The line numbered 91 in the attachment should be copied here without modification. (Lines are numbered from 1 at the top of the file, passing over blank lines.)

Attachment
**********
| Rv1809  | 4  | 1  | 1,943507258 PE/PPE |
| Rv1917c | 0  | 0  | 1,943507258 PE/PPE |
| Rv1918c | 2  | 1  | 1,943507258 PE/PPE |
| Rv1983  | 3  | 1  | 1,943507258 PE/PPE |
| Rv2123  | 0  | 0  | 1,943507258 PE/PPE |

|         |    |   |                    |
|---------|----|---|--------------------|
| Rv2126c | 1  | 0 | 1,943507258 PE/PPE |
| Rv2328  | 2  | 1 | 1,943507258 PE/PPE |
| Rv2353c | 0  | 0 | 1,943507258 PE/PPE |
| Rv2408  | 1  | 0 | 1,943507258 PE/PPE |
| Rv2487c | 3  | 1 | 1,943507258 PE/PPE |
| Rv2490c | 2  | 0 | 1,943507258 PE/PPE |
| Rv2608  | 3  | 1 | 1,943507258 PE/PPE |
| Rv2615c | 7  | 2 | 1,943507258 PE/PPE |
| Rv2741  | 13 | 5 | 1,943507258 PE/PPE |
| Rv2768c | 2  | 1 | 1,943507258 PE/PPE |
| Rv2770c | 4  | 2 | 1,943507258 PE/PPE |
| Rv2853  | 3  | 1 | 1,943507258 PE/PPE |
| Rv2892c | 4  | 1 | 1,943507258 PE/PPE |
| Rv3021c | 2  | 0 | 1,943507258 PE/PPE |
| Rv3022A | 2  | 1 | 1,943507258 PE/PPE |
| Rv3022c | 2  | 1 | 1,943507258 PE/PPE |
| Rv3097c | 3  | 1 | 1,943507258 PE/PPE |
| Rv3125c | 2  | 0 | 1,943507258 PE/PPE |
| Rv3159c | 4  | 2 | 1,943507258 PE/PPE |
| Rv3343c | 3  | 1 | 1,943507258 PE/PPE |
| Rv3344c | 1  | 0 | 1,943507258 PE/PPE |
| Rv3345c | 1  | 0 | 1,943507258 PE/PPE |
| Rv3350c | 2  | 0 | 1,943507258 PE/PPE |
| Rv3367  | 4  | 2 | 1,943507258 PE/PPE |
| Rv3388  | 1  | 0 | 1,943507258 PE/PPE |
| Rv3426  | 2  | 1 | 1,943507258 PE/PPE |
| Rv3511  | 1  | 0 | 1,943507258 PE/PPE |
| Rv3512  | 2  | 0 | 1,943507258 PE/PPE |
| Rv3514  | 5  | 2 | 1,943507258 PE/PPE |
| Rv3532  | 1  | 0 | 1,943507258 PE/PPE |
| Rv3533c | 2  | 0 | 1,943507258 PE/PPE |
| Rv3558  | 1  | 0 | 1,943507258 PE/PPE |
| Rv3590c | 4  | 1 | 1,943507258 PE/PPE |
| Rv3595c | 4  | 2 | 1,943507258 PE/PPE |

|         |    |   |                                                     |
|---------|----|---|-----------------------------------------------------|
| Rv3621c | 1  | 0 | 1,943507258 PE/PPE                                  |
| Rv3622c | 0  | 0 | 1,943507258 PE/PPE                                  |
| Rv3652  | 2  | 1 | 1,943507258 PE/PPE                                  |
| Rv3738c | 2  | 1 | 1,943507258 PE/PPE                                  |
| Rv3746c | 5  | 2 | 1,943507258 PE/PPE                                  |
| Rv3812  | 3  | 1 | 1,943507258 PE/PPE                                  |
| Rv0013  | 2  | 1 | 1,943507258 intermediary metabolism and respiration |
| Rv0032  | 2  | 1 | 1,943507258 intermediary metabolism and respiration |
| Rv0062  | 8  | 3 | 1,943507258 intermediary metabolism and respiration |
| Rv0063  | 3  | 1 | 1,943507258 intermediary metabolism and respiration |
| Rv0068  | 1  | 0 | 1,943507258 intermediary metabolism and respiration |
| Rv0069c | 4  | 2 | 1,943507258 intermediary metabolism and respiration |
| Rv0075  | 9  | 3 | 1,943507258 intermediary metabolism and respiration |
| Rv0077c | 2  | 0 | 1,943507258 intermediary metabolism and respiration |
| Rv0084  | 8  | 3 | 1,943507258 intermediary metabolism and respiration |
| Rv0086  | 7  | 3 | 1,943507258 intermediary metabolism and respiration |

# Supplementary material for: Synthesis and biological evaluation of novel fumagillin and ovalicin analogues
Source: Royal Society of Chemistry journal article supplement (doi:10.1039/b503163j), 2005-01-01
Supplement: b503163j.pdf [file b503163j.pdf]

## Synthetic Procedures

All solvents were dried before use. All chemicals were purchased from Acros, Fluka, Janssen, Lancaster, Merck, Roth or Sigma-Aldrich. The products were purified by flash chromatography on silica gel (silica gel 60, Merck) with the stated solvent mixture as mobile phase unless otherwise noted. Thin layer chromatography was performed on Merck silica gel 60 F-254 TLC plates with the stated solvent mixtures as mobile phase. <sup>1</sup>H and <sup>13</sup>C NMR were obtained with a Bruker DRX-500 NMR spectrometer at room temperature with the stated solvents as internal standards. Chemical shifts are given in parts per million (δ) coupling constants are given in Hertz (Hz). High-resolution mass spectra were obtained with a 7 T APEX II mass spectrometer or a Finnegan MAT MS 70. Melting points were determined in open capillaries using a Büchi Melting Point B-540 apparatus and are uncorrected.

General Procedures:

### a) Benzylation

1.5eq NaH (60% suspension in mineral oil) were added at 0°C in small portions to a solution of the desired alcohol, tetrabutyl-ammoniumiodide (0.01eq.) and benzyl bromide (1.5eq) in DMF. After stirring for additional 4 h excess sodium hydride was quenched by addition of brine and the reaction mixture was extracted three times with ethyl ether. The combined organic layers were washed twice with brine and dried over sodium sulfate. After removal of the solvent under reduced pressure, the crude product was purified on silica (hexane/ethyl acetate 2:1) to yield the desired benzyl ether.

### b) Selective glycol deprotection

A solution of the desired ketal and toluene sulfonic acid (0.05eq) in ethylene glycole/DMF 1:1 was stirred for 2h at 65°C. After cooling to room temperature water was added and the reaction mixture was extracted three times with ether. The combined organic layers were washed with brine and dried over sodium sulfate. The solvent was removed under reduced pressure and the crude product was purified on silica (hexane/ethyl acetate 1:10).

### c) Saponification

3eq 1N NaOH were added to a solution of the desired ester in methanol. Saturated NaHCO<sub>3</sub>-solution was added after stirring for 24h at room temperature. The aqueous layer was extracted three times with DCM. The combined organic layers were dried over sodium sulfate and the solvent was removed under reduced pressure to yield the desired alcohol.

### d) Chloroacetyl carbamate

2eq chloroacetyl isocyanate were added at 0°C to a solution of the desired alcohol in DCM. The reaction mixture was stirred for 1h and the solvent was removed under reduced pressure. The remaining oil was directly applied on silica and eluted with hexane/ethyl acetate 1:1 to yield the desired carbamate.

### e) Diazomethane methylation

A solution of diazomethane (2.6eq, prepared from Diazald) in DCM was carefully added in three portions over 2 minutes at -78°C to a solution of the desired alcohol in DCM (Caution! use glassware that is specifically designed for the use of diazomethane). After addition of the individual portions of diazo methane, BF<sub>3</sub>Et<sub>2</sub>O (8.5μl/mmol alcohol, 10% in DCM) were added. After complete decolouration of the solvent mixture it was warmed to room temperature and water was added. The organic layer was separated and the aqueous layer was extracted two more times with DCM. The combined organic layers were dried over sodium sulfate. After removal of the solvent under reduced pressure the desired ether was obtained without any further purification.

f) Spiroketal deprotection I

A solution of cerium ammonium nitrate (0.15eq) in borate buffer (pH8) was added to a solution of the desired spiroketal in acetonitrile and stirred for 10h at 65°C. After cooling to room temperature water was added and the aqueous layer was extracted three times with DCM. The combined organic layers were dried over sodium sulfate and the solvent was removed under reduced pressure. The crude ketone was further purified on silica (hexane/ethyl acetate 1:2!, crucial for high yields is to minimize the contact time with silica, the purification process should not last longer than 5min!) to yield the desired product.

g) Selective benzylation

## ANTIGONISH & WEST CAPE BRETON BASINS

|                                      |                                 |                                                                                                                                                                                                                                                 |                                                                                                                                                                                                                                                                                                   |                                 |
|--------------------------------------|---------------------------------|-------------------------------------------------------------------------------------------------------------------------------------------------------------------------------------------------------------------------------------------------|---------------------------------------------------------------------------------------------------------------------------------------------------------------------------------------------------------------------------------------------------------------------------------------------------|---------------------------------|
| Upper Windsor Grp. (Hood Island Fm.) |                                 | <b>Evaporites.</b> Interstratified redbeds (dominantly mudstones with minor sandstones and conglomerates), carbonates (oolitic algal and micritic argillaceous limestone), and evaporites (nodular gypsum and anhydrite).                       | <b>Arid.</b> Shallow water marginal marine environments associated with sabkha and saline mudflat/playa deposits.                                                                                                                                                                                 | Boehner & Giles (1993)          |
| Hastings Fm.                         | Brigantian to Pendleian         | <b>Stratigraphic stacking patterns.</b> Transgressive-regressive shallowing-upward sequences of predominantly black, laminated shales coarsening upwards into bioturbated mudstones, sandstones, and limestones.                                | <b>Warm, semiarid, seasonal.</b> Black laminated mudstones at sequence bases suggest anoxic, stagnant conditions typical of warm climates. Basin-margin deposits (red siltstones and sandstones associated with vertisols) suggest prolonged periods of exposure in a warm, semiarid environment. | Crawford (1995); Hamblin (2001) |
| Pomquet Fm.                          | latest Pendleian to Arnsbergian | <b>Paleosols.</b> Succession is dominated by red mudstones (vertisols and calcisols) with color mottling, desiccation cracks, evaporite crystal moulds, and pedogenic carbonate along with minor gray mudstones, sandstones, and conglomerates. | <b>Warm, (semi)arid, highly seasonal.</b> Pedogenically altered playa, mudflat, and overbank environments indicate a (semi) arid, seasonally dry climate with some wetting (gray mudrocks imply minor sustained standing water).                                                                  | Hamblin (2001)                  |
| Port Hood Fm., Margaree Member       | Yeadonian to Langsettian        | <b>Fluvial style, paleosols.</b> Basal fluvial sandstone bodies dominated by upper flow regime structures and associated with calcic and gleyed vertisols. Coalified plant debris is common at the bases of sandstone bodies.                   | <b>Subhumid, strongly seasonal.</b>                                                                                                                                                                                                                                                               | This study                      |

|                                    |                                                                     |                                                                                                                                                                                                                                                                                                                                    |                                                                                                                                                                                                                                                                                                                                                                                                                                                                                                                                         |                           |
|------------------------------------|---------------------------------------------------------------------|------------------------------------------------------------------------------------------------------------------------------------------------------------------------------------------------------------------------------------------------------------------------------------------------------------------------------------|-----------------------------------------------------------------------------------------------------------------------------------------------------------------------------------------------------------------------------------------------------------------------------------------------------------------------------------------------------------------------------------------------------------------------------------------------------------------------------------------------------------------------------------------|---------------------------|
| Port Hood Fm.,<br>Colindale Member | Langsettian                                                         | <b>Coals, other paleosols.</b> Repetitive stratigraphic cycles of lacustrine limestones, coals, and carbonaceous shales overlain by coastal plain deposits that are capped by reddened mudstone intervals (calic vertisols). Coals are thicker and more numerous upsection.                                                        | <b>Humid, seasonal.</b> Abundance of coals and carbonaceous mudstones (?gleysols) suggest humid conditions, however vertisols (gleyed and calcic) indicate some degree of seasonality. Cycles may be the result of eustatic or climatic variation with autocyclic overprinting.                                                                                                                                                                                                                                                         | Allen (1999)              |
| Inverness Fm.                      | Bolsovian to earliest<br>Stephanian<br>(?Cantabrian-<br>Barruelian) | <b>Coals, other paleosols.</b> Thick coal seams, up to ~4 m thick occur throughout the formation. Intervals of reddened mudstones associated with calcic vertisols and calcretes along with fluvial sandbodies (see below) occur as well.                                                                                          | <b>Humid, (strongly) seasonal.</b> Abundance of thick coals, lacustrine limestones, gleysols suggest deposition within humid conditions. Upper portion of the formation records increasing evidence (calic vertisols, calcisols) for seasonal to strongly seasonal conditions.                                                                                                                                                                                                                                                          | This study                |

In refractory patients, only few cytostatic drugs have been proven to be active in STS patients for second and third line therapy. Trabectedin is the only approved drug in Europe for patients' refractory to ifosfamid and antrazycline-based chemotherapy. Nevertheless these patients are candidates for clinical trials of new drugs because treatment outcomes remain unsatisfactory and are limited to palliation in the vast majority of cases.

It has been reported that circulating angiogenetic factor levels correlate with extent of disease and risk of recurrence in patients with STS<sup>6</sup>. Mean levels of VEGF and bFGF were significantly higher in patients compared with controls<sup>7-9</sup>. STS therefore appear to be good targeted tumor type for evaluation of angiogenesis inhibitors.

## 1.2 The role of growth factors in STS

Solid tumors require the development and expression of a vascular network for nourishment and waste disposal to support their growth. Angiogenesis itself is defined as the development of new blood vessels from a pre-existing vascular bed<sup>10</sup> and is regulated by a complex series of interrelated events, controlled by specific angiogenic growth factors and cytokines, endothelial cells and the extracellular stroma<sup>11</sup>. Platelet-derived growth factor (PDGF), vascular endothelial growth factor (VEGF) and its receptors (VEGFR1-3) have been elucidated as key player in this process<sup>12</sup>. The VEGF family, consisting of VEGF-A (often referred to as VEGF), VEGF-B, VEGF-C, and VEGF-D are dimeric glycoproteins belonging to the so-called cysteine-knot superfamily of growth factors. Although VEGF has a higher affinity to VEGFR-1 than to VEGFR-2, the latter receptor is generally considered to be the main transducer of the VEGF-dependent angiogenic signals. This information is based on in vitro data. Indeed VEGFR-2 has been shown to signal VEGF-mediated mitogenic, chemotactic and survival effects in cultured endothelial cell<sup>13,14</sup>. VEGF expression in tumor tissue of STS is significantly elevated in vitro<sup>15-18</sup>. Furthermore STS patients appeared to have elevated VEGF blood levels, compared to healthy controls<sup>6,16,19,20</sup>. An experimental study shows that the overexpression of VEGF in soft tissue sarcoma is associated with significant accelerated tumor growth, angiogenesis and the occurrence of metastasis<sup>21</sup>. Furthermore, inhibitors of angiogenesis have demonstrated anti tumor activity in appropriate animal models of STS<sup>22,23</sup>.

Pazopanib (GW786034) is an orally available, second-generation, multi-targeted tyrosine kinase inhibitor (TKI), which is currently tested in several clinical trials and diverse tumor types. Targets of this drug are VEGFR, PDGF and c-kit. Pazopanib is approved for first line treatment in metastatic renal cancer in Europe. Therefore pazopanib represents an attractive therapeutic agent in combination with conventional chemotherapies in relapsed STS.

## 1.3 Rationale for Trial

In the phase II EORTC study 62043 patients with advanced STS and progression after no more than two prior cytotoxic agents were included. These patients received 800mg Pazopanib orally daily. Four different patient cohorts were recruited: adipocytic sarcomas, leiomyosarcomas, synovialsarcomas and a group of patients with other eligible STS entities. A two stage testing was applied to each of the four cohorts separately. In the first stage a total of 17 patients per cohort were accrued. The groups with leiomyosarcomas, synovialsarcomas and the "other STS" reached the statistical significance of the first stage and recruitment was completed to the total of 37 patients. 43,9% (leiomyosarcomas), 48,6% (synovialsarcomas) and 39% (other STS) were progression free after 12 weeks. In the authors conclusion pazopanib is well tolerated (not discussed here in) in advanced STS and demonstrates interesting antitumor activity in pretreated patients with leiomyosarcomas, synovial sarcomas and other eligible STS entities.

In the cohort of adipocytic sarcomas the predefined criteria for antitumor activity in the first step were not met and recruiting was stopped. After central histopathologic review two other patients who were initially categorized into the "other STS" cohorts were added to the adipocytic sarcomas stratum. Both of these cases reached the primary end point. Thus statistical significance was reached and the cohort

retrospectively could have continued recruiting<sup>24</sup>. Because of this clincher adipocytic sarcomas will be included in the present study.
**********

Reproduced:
It has been reported that circulating angiogenetic factor levels correlate with extent of disease and risk of recurrence in patients with STS<sup>6</sup>. Mean levels of VEGF and bFGF were significantly higher in patients compared with controls<sup>7-9</sup>. STS therefore appear to be good targeted tumor type for evaluation of angiogenesis inhibitors.